Conducting Better Business Through BI
Excel spreadsheets may capture data, but they certainly can’t help a company make educated business decisions in a timely manner. Eager to gain a perspective of what is happening across their businesses in real-time, companies are turning to business intelligence (BI) tools that enable them to delve into stored data, ask questions, learn trends and improve operations based on data culled from transactional systems.
In the past, companies would apply BI to their static, collected information; however, too often it was still difficult and too complicated to make time-sensitive decisions that is able to impact current business performance.
By leveraging newer actionable BI tools and reports, companies can set up processes to be presented with information – rather than dig for it. Being an integrated solution, users can manipulate and act on data in a centralized location without leaving the application or recording the action in a separate interface.
"Enterprises need actionable information to make daily decisions, and all industry segments can benefit from it," said Jeff Buck, CEO and co-founder of Atlanta-based business intelligence company QuantiSense.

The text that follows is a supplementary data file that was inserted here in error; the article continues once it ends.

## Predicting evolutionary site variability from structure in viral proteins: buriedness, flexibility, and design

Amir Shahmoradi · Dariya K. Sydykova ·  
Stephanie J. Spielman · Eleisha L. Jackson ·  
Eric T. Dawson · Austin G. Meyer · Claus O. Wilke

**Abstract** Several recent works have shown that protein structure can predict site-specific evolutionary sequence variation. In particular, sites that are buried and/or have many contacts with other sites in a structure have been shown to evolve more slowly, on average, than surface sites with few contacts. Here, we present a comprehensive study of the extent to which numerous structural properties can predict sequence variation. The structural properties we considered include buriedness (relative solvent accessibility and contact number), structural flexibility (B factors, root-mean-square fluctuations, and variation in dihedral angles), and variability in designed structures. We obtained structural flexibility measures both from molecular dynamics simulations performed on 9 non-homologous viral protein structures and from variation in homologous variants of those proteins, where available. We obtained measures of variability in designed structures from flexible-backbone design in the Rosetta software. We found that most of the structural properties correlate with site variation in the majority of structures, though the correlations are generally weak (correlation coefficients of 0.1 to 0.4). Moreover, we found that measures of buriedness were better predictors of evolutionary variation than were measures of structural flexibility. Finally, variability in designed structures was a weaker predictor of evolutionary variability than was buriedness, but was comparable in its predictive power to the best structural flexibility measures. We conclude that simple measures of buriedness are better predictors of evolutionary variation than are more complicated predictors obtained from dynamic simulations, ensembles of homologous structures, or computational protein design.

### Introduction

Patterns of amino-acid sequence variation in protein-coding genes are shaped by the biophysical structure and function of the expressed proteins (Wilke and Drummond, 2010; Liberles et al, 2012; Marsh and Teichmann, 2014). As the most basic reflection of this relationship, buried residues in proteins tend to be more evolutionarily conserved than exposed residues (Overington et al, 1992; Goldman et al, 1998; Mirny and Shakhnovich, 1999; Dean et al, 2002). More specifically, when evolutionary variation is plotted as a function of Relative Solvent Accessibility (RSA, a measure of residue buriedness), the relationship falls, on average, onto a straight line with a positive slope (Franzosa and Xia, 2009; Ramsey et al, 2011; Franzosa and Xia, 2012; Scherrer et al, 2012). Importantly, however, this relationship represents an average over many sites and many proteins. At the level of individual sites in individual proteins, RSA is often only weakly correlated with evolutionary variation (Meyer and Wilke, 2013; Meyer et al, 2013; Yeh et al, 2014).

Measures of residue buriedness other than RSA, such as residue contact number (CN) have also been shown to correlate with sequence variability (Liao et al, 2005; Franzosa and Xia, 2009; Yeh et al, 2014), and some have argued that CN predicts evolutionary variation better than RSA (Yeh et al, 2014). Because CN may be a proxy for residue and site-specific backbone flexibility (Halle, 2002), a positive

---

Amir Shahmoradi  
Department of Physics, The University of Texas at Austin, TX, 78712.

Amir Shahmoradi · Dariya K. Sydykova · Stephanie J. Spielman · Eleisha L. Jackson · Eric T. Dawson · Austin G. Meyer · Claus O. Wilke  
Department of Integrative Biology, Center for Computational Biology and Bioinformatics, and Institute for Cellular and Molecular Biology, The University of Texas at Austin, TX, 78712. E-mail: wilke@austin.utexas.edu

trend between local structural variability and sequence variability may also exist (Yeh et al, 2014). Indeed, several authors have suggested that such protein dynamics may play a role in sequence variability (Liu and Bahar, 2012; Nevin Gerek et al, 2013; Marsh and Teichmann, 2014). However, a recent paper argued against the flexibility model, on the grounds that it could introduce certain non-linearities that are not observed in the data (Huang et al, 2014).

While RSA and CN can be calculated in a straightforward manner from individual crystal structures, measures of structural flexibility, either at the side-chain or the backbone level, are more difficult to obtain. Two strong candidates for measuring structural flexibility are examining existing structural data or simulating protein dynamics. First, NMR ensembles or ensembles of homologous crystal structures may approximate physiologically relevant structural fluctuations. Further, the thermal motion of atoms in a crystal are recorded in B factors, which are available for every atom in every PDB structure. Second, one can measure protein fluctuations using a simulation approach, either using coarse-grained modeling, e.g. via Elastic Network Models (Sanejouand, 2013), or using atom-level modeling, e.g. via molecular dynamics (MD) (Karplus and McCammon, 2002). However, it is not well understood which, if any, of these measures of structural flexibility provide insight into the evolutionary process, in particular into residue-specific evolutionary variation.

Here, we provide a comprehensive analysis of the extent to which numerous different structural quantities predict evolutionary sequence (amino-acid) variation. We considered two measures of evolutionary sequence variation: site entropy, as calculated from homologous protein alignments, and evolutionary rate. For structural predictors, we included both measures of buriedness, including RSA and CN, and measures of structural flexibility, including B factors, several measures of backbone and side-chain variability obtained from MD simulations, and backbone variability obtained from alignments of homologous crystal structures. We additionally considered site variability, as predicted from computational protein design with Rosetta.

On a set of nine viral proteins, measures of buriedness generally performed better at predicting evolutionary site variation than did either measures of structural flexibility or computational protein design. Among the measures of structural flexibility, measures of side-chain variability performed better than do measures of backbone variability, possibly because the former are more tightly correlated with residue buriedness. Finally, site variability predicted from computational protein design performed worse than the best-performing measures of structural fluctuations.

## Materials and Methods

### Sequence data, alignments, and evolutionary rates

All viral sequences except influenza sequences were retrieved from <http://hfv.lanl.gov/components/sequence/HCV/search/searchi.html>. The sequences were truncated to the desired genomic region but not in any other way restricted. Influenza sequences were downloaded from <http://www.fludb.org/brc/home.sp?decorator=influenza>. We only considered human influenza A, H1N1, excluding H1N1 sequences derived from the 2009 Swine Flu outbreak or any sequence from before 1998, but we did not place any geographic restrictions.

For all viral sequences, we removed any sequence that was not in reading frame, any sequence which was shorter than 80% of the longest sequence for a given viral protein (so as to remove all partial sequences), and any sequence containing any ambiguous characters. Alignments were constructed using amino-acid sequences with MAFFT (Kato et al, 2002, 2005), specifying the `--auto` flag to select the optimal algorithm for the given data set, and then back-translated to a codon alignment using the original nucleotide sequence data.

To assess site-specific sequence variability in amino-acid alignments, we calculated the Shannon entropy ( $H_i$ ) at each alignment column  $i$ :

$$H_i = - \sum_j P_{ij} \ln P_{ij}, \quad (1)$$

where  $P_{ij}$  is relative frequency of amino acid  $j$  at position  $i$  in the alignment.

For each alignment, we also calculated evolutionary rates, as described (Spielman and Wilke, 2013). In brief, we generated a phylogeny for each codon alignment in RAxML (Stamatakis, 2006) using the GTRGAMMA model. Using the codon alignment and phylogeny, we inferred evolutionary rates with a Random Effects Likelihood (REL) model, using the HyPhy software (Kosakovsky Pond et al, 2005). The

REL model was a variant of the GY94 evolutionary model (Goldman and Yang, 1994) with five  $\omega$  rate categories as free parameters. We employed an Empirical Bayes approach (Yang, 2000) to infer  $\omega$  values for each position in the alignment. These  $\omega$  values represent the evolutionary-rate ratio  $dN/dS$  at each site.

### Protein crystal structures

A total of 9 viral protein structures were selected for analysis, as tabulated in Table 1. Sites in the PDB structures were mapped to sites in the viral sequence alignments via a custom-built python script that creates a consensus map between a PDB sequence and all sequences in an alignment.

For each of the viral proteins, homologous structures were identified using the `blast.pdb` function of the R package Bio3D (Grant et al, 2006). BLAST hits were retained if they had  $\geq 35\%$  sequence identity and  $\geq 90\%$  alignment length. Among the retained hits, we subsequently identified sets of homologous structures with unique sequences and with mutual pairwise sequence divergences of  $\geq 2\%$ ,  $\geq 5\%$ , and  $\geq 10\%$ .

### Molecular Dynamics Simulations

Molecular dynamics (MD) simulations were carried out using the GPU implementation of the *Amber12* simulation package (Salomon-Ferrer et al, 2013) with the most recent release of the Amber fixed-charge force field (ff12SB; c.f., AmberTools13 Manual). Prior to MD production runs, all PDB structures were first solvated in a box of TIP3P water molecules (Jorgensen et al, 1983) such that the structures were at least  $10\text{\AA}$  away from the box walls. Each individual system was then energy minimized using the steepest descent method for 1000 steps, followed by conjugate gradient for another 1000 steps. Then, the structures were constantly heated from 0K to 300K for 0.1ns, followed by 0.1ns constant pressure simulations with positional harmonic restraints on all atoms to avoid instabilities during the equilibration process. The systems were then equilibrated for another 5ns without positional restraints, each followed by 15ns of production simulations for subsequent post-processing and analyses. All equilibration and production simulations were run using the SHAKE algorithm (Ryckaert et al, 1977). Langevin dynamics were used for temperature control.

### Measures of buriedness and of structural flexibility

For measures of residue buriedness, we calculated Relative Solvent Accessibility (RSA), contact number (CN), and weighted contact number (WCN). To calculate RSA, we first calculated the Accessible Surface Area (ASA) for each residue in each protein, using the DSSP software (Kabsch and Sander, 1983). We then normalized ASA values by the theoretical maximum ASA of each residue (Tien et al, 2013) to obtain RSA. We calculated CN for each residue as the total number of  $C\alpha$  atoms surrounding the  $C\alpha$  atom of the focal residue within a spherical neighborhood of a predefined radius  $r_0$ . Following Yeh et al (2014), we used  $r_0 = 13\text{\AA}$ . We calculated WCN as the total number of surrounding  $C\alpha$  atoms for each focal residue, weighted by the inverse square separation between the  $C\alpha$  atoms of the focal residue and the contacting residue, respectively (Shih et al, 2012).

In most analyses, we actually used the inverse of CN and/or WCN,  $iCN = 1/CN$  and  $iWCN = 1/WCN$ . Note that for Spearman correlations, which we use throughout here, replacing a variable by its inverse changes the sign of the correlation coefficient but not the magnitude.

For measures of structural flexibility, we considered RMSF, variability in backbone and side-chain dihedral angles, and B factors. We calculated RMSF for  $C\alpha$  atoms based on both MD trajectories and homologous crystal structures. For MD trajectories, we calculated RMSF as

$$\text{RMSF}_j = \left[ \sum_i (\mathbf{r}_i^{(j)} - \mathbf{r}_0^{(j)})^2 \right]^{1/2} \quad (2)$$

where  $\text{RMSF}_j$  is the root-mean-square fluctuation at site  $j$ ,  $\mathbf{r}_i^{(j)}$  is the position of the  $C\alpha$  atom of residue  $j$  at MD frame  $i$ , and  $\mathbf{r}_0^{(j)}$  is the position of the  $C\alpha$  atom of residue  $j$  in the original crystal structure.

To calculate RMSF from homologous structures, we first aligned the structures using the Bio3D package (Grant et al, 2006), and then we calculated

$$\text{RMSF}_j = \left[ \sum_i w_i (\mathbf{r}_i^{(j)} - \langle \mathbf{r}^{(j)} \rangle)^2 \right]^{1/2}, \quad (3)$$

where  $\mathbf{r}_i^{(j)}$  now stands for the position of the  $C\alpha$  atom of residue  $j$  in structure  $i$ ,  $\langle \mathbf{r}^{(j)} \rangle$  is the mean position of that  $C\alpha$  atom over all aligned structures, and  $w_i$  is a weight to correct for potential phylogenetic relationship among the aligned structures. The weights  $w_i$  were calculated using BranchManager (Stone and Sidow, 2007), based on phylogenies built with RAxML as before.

- For companies that may still be a little gun-shy on how to get started, the following are a few tips on how to evaluate and implement a BI solution and engage actionable information.
- Partner with a company that has deep domain knowledge. For BI to be most useful, analytics solutions must be in tune within the context of the business they are serving. As a result, technology providers are delivering more vertical solutions that expertly address how specific businesses function.
- Embrace the process. Companies that engage in the discipline of the solution, and are willing to believe in the actionable information it produces, will also garner more insight and make better the decisions to apply to their business operations, Buck said.
- Find a user-friendly solution. If multiple people in the enterprise will be using the solution, the key is to choose a broadly deployable architecture.
- Consider open-source solutions. Open-source BI (OSBI) is essentially free, as those vendors charge for support, documentation and code that's been fine-tuned for specific implementations rather than sell traditional software licenses. Solutions are generally bundled, and include reporting, online analytical processing and data mining software, dashboards and data profiling tools. While the solutions generally attract the attention of larger enterprises, OSBI vendors are catering to smaller businesses by packaging the code in all-encompassing software suites that include expanded functionality, technical support and training.
While OSBI is still an emerging trend, usage is on the rise. In fact, adoption is doubling annually because the application can be applied to many routine processes and operations, according to a recent report by Stamford, Conn.-based research firm Gartner Inc.